The solution is also labour-intensive – sealing the draining ditches which leach moisture from the bogs and stop them from returning to their natural state.


Bogs change with the seasons

NTS has carried out restoration work at Ben Lomond, Goatfell on Arran and Ben Lawers above Loch Tay, while plans are in place for further programmes at Mar Lodge Estate National Nature Reserve in Aberdeenshire and Grey Mare’s Tail, near Loch Skeen in the Highlands.

The restoration method of blocking drainage ditches on Ben Lomond was shown to be highly cost-effective, at around £3,000 per hectare. Other methods include reprofiling “haggs” of exposed peat to stop it drying out, and covering sites in protective sheets of compostable material.

In 2018, the UK Peatland Strategy was published, and England, Wales and Scotland are at various stages of implementing national plans.

READ MORE: Funding secured for first peatland project on Scotland’s islands​

Since 2012, the Scottish Government has funded its own peatland action plan, administered by Scottish Natural Heritage.

More than 19,000 hectares have been now put on the road to recovery, and the aim is to increase this to around a quarter-of-a-million during the next decade.

It is hoped that this will help secure the future of one of Scotland’s most important weapons in the fight against global warming for many centuries to come.

A spokeswoman for SNH said: “With more than 80% of peatland habitats estimated to be damaged in Scotland, the focus of Peatland Action is to restore damaged peatlands throughout Scotland, helping create important habitat for plants and wildlife, and helping to mitigate the impacts of climate change.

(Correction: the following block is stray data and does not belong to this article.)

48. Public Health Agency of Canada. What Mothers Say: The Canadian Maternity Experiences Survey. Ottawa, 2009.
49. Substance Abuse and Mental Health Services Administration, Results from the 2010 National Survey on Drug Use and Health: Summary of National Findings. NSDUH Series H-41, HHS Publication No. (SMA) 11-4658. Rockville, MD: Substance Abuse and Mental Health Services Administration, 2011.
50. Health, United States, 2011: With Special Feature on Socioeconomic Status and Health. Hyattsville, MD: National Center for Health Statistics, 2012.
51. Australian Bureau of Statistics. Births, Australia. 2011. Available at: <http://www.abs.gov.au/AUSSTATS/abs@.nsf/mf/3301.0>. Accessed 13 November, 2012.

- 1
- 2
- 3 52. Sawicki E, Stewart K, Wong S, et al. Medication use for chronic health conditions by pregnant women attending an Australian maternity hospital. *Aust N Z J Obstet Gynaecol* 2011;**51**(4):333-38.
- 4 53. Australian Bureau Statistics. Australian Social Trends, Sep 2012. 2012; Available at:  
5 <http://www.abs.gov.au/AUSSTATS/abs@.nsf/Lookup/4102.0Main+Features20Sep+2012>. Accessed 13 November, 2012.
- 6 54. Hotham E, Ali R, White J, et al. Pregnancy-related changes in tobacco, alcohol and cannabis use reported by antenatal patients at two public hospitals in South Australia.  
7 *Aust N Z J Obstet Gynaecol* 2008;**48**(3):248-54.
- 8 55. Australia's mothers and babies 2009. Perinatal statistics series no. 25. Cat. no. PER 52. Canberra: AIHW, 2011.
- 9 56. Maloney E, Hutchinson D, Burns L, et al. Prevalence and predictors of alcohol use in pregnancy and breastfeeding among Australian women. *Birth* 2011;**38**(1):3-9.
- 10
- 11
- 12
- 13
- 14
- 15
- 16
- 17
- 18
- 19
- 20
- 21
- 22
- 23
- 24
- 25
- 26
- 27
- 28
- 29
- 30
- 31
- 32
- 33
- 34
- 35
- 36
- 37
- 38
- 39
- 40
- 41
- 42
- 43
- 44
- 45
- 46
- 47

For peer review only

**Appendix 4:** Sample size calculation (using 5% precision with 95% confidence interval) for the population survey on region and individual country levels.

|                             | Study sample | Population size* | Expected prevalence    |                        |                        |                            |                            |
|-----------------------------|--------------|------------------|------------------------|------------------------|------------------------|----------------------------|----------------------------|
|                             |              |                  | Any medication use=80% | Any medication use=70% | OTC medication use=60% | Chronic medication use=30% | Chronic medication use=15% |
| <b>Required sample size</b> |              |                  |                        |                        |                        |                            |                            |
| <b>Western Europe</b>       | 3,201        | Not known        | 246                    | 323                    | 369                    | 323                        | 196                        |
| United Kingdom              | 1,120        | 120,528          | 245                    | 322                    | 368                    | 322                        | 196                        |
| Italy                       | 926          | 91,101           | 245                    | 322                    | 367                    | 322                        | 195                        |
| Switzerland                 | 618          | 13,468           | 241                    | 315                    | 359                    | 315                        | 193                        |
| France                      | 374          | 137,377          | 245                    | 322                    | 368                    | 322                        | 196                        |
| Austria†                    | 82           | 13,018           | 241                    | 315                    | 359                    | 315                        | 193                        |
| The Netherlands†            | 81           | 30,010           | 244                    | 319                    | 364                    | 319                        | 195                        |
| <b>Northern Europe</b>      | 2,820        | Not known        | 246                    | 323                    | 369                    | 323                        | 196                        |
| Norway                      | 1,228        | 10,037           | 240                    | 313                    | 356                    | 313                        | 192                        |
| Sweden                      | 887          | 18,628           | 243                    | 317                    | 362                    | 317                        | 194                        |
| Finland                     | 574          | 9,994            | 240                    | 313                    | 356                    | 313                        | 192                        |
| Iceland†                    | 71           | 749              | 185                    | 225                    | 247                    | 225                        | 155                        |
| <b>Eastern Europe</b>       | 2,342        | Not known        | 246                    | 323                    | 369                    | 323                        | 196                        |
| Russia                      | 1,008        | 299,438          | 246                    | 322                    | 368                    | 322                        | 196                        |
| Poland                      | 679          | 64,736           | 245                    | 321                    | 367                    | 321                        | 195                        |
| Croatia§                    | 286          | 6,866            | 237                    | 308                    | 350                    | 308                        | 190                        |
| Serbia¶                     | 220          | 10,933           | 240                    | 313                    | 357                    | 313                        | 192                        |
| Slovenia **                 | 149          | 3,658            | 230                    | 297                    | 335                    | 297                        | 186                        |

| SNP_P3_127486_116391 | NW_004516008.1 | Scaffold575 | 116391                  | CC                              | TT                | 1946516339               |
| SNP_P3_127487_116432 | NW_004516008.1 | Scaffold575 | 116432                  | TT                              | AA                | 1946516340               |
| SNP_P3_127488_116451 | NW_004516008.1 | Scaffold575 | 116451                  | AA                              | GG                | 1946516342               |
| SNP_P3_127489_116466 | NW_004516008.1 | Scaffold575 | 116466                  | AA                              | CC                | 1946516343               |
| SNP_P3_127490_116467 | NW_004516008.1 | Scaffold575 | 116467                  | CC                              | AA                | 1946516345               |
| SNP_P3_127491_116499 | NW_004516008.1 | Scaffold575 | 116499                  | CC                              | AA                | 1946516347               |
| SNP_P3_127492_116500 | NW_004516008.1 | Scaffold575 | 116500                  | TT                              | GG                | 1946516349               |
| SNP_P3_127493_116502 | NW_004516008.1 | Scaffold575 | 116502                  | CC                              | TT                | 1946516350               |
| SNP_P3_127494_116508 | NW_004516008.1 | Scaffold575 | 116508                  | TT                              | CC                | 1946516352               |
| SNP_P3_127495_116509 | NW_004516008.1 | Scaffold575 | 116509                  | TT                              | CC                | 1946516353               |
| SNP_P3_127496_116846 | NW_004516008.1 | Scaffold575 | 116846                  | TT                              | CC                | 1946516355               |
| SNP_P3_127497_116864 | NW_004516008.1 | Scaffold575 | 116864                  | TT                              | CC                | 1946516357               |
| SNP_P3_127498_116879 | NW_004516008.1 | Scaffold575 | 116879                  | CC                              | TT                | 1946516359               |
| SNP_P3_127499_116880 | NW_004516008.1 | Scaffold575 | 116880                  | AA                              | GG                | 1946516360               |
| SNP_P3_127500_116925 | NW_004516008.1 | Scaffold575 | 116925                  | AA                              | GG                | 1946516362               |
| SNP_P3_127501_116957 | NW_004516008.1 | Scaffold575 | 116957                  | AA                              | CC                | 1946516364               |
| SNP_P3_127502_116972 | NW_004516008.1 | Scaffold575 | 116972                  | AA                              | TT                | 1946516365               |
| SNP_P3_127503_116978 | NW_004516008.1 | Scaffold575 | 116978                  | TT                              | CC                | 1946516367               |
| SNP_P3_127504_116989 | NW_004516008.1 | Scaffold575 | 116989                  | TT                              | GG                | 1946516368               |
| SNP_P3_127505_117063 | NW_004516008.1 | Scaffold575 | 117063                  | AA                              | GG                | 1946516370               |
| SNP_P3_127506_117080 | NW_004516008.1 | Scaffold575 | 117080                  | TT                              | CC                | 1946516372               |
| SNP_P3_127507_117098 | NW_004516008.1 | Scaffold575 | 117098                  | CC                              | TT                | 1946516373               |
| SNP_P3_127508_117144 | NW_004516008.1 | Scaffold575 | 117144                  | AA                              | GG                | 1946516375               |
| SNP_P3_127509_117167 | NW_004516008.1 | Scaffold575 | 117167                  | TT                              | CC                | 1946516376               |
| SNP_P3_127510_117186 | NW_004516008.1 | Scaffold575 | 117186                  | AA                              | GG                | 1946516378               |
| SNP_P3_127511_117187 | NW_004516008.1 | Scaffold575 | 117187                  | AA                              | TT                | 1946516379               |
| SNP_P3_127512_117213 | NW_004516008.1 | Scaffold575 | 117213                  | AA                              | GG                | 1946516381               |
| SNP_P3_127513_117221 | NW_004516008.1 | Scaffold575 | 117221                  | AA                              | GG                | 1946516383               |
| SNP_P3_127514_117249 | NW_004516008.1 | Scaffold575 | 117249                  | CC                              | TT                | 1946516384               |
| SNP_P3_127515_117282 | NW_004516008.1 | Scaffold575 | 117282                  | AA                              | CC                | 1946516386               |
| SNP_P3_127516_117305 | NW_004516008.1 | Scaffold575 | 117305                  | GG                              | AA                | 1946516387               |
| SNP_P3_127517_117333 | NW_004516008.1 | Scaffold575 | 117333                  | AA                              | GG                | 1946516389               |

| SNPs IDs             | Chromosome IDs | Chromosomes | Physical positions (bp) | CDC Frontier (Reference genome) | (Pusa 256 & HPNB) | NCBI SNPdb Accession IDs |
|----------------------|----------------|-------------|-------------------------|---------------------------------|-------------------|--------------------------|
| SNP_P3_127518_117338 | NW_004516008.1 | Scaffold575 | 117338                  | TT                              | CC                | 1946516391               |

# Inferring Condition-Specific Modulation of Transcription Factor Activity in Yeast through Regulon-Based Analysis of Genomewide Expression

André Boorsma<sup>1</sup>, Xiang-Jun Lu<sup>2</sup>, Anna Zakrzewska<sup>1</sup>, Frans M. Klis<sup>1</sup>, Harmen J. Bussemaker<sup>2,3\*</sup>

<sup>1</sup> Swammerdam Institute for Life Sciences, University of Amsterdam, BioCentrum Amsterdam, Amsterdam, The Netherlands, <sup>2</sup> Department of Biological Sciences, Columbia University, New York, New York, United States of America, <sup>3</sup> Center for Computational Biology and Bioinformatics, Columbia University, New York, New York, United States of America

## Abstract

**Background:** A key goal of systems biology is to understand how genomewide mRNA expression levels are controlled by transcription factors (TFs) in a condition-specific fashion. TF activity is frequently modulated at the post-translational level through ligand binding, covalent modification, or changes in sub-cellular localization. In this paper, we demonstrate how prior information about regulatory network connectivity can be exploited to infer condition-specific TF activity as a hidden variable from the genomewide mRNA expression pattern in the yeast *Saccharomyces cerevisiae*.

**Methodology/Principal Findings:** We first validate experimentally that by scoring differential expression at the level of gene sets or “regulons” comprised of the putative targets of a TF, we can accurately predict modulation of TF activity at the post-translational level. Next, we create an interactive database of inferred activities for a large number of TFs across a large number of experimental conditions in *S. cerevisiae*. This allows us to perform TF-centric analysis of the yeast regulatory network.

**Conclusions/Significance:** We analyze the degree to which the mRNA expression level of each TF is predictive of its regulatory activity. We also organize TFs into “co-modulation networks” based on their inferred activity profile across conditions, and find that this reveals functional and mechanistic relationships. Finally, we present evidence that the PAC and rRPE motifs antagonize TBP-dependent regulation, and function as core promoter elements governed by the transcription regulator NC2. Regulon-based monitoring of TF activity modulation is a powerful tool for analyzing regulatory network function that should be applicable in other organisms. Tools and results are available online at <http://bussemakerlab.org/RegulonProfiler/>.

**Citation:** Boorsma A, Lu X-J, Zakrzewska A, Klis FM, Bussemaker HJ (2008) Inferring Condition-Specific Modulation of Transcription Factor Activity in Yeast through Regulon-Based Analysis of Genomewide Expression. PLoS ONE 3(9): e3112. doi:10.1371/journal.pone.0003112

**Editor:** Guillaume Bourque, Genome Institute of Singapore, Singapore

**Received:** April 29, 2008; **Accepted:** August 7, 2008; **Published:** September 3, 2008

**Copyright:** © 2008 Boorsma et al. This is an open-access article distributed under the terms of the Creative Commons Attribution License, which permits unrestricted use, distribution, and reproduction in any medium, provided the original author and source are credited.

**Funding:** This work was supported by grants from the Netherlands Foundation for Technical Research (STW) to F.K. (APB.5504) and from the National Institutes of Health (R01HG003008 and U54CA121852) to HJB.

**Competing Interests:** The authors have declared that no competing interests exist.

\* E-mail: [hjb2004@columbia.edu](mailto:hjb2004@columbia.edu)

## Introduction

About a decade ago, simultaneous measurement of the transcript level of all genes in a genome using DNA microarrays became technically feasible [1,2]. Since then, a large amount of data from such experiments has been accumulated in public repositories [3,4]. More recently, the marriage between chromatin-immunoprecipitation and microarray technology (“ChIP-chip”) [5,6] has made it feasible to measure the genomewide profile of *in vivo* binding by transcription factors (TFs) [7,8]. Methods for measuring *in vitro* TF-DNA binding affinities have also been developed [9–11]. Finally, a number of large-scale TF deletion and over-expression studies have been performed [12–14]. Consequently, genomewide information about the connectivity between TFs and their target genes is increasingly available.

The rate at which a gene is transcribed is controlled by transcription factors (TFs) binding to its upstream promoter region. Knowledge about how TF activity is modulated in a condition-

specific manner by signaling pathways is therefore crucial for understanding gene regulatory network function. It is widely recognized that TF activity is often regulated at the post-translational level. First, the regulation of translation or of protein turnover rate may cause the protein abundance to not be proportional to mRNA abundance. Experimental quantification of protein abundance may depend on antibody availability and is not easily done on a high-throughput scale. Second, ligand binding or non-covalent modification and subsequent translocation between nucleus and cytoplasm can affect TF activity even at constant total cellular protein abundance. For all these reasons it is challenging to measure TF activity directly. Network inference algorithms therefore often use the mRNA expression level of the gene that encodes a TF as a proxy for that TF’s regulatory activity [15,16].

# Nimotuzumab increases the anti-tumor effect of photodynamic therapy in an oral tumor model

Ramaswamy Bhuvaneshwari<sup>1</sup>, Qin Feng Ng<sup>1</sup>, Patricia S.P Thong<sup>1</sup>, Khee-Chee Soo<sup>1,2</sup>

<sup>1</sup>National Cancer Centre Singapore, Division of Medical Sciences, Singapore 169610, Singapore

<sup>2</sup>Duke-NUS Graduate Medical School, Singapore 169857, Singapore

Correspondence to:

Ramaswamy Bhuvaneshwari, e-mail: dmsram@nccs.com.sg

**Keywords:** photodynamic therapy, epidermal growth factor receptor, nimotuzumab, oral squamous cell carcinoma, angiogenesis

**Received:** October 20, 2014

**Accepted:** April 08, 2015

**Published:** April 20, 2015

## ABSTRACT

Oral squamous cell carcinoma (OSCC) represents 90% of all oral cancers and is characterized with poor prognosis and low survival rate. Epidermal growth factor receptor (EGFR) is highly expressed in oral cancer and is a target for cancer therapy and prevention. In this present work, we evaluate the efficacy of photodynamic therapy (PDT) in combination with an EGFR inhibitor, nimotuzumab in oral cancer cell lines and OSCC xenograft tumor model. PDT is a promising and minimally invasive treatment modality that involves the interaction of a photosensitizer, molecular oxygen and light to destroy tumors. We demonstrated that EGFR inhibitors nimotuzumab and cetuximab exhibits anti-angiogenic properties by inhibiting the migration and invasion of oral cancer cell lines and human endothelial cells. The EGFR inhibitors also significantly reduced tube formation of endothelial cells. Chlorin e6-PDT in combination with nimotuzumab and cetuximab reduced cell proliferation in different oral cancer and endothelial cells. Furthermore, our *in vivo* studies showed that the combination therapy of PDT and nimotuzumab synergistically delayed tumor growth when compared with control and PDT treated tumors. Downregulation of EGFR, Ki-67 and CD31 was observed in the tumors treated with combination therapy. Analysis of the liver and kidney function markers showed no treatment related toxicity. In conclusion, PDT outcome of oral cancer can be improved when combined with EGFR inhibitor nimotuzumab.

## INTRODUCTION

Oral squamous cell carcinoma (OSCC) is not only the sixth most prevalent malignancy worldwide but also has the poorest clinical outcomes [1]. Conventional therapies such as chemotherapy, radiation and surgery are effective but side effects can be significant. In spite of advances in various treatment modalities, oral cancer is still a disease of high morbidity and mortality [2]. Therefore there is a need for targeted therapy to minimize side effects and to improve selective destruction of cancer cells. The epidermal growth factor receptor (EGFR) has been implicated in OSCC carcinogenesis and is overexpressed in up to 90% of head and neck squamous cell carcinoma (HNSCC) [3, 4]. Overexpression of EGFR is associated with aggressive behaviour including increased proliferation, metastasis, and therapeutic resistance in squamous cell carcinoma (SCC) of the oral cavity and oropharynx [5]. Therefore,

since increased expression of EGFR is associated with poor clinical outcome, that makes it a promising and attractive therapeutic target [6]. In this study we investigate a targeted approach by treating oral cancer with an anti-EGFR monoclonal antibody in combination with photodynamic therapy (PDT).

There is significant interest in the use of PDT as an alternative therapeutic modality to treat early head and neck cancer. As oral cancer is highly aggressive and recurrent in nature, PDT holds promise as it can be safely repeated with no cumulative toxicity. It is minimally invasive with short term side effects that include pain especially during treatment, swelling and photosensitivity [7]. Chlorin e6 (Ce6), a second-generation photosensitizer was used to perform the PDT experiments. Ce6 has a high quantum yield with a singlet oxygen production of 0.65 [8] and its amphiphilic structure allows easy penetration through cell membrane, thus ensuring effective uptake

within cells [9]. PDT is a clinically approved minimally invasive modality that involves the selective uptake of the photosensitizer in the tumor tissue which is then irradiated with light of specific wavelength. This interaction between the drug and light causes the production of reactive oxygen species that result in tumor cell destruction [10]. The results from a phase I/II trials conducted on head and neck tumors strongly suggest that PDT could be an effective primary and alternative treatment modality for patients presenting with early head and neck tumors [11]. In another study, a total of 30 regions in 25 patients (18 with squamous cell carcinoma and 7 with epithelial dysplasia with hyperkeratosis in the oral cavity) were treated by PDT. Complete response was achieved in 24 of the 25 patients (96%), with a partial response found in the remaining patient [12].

“For the financial year 2019, the Scottish Government announced £14 million in peatland restoration funding, as part of its continued commitment to tackling the global climate emergency.

“Enhancing our nature is an important part of the solution to the climate emergency, and Peatland Action’s long-term ambition is to restore 250,000 hectares of peatland by 2030.”


Bog cotton is one of the plants found only on peatlands

A Scottish Government spokesman said: “Restoring peatland has an important part to play in delivering on our climate-change ambitions. The impact of peatland degradation on climate change cannot be overstated – particularly in Scotland, where around 25% of the country is covered in peat soil.

“If all of the C02 from that peatland were released then it would be the equivalent of more than 120 years of our emissions being released at once.

“Restoration work includes improving areas of wetlands by reducing drainage and slowing water flow on peatland, as well as covering areas of peat exposed to the elements, helping to lock in carbon and reduce potentially harmful C02 emissions.

“By doing this we are also providing an important habitat for plants and wildlife, improving water quality, and mitigating flood risk.

“Restoration has been undertaken across Scotland, including a number of projects in the internationally important Flow Country, in Caithness and Sutherland, one of the largest areas of blanket bog in the world.”